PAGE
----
Discussion in 'World Coins' started by Curtisimo, Jun 14, 2017.
Of course she was! My addled my mind - apologies.
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For 1700 I have a sixpence:
1700 -- Brunswick-Luneburg-Calenberg-Hannover, 4 mariengroschen:
I seem to have two photographed for 1699, so here are both of them:
First one is a Half Crown which someone has engraved as a love token. Second one is a threepence
1699 -- Austria, 1 kreuzer:
1698 Fourpence - sorry I have nothing better to offer for this year.
1698 British halfcrown, S-3494, DECIMO on the raised edge inscription indicated the tenth year of reign
There are also 1698 halfcrowns with edge inscriptions ANNO REGNI OCTAVO – eight year of reign, ANNO REGNI UNDECIMO - eleventh year of reign. The DECIMO type is most common.
Before William and Mary’s accession (in 1689) to the throne of England, Scotland and Ireland
William was born in the Hague in 1650. Although his mother Mary was English (a daughter of King Charles I), his father William (who died of smallpox days before his son's birth) was an Orange-Nassau, a member of the most powerful family in the United Provinces of the Netherlands.…
William's first two decades were spent trying to regain the Orange position in Dutch politics. Although the Orange family had led Holland's war of independence against Spain in the 16th century, and had usually been elected to the executive stadhouderships (provincial leaderships) of most of Holland's regional provinces, they had never become hereditary sovereigns of that country, and there were powerful forces opposed to them in the republic.
Until 1672, the opposition kept William from office. In that year, however, King Louis XIV of France invaded the Netherlands, and occupied nearly all the country. In the crisis, the Dutch turned back to the Orange family. William was appointed both to the stadhouderships and to the command of the federal army.
The events of 1672 determined the rest of William's career. He had come to power to save the Dutch from France, and Europe from the dangerously expansionist Louis - and he became obsessed with these goals. Thus, in the years after the French invasion, William organised his countrymen's resistance.
He allied with Spain and Austria - and drove Louis from Dutch soil. Vitally, he also explored the idea of the Stuart realms coming to his aid. He urged his uncles - the kings Charles II and James II (from 1685) - to help him stand against France. Then in 1677 he married James's eldest daughter, Mary, in the hope of cementing an Anglo-Dutch alliance.
The center arms on the reverse are the personal arms of William III, the arms of the House of Orange-Nassau.
1698 -- England, 1 shilling:
3 kreuzer 1697.
1697 -- England, 6 pence:
Mine for 1697 is a Half Crown:
The scratches over the 9 in the date are known as "adjustment marks" - post minting coins were checked for weight and if they were over, a bit was filed off to bring them within range.
1697 British halfpenny
I didn't know about the adjustment marks. I wondered about the file marks on my 1698 halfcrown. I wondered if they were the work of clippers, or just rough service. Great info.
Sorry for my absence. My hard drive went kaput, after six days.....finally back online with new computer Here is a AV Dukat 1697 Nurnberg Mint/ Wolfgang-Julius Von Neuenstein/ Graf Von Hohenlohe-Neuenstein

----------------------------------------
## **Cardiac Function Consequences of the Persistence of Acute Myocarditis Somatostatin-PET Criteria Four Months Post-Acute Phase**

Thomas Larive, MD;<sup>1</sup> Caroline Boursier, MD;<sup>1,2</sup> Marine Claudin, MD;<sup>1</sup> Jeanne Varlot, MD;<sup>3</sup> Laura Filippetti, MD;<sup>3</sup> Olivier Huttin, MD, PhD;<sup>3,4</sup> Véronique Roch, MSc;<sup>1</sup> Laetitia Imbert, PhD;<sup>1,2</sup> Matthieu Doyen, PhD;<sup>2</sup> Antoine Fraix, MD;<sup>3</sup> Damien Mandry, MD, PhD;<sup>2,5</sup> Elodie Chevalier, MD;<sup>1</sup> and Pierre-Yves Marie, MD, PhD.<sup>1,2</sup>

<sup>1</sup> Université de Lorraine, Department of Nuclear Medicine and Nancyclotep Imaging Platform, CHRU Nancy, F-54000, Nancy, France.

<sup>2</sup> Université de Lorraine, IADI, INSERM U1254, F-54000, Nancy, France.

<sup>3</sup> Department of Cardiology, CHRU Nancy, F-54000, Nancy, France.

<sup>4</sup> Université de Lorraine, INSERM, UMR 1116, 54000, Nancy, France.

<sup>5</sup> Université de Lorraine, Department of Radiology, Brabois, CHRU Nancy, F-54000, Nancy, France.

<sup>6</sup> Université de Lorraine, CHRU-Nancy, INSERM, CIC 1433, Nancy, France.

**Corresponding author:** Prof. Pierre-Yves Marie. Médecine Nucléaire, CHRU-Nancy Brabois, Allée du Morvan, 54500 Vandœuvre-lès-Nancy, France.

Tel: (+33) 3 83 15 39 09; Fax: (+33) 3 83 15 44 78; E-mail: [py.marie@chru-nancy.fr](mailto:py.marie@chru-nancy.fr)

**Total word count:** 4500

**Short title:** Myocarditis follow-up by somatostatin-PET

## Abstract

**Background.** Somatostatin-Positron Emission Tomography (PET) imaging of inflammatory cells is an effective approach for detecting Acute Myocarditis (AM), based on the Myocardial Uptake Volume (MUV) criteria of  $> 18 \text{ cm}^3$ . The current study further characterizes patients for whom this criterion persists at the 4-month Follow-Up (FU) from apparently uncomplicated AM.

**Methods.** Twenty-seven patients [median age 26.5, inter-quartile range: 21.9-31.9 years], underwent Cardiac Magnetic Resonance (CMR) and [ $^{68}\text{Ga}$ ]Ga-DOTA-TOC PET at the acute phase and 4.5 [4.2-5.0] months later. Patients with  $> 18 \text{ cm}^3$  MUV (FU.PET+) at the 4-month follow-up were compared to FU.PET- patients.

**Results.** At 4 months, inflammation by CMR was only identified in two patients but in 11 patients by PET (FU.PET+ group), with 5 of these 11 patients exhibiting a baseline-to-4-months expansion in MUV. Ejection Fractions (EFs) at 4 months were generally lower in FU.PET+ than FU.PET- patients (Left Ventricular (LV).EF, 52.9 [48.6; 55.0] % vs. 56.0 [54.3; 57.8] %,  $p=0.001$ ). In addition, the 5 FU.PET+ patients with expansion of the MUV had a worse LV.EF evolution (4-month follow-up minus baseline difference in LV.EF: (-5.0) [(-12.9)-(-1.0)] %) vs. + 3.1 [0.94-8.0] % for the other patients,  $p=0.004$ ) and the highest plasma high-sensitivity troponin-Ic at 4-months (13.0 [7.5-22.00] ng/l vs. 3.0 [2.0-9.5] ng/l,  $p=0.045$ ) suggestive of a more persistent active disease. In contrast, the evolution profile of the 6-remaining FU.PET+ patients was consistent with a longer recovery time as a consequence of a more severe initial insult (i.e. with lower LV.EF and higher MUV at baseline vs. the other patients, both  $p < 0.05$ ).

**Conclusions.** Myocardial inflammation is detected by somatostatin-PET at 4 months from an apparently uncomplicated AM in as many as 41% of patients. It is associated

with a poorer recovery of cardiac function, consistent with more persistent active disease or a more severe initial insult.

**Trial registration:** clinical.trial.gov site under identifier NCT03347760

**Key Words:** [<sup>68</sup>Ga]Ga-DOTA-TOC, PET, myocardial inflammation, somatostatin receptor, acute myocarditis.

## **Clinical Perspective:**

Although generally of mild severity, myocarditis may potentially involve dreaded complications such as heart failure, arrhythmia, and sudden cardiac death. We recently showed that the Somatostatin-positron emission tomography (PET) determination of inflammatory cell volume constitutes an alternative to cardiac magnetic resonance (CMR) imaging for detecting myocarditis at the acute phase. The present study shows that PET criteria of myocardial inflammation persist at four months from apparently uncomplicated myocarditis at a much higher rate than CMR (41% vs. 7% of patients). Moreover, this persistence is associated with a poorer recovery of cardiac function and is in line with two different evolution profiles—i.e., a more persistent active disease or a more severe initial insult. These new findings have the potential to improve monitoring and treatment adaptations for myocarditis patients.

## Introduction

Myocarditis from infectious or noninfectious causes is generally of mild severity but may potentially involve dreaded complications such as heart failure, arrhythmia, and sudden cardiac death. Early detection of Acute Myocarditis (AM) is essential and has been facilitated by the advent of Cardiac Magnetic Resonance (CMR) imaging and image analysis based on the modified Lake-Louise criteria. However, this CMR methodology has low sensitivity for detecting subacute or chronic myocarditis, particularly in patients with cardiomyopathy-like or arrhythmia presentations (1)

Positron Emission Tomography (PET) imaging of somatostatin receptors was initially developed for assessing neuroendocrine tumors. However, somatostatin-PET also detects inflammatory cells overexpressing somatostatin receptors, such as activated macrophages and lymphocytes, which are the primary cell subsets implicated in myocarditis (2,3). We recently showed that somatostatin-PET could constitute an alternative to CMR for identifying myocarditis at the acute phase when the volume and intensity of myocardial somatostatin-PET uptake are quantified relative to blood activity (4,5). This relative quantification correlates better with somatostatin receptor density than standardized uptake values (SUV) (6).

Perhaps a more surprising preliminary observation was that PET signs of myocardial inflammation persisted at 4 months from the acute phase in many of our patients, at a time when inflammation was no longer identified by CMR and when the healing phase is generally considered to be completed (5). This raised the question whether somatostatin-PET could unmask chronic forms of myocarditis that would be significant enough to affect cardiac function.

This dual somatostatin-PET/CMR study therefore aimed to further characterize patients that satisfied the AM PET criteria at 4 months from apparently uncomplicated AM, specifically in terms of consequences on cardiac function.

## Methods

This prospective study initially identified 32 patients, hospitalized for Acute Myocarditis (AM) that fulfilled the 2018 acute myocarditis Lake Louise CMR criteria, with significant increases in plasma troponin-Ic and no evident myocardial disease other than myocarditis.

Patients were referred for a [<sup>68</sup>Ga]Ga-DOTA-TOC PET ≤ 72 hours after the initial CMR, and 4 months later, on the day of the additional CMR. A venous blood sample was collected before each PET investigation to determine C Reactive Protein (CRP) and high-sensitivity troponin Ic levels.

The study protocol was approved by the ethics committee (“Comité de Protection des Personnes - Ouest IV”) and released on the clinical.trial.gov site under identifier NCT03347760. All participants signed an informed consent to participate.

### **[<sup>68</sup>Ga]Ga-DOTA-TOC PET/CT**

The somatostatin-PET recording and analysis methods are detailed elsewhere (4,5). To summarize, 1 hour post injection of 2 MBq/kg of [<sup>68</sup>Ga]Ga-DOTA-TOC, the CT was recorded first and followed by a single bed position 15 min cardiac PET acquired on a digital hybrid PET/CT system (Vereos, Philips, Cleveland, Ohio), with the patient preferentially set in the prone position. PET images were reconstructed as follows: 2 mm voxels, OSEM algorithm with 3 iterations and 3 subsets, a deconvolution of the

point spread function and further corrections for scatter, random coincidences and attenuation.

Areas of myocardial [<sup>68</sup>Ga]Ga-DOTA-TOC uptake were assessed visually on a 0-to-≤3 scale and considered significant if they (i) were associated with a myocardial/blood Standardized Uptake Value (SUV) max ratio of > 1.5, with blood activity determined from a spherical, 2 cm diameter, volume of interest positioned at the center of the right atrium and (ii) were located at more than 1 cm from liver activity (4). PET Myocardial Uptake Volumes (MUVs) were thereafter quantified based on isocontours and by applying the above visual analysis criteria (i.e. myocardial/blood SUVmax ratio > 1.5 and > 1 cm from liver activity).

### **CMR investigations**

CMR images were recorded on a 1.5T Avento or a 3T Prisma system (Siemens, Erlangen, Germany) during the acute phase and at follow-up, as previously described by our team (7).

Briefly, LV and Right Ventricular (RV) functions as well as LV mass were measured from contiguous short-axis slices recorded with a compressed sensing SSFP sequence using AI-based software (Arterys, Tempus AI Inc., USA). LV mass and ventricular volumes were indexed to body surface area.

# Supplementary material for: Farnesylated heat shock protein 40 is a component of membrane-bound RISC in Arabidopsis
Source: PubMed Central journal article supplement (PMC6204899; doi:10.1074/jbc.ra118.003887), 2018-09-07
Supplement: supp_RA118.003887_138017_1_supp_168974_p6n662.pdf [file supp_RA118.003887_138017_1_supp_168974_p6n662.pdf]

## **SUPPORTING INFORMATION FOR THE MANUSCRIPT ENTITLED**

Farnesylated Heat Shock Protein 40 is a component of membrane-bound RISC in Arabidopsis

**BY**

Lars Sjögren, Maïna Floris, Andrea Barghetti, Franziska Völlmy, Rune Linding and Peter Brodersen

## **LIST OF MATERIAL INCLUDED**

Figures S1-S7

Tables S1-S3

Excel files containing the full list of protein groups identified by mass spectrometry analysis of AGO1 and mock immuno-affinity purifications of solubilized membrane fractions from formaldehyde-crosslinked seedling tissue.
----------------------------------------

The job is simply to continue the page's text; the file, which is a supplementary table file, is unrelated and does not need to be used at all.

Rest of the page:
Kunker Auction win
Here is another 97. ex: Raineri auction
AV Scudo d'oro 1697 Rome Mint
Pope Innocenzo XII
I was away on vacation for a few days
Excuse me, I have to add my 1701 Stockholm Mint
AV 1/2 Dukat
Karl XII of Sweden
On to 1696 - a Shilling with the C beneath the bust for Chester. For a short period at this time coins were minted with a variety of city marks including E for Edinburgh, N for Norwich, B for Bristol and y for York.
1696 -- Silesia, 3 kreuzer:
I recently put one of these “branch mint” coins on my Wish List. I was looking for info for my 1698 halfcrown post, when I ran across this very interesting story below.
The mints that @PaddyB refers to in his post were operated from 1696 thru 1697 to supply coinage for “The Great Recoinage of William III”. The Great Recoinage, begun in 1696, brought about the demonetization of all hammered coinage by March 1698. (1) Circulating hammered coins of the time were commonly clipped. Clipping involved cutting silver from the edges of hammered coins then circulating the clipped coin at face and selling the clippings as bullion, or use it to counterfeit.
Hundreds of 16th Century coin clippings have been discovered in a Gloucestershire field. The 500 silver clippings, dubbed the Toenail Hoard, were unearthed by Gavin Warren using a metal detector in the Forest of Dean. (http://www.bbc.com/news/uk-england-gloucestershire-34779378)
The earliest clippings date from the 1560s to 1570s and the latest from 1645.
Milled coins had been produced in the mints since Charles II’s coinage of 1662. The milled coinage included an anti-clipping feature, raised lettering completely around the edge of the coin (on crowns and halfcrowns) or milled (akin to reeded) edge (on shilling, and sixpence). The Great Coinage planned to remove all hammered coinage and replace it with the clip-proof milled coinage of the day.
To provide the large number of coins needed, branch mints were established at Bristol, Chester, Exeter, Norwich, and York. Coins from the branch mints display a mint mark (B, C, E, N or Y) beneath the obverse bust. Coins with the branch mint marks can be found in the years 1696 and 1697.
(1) The Growth of English Industry and Commerce, W Cunningham D. D., Cambridge at the University Press, pg 437,
Separate names with a comma.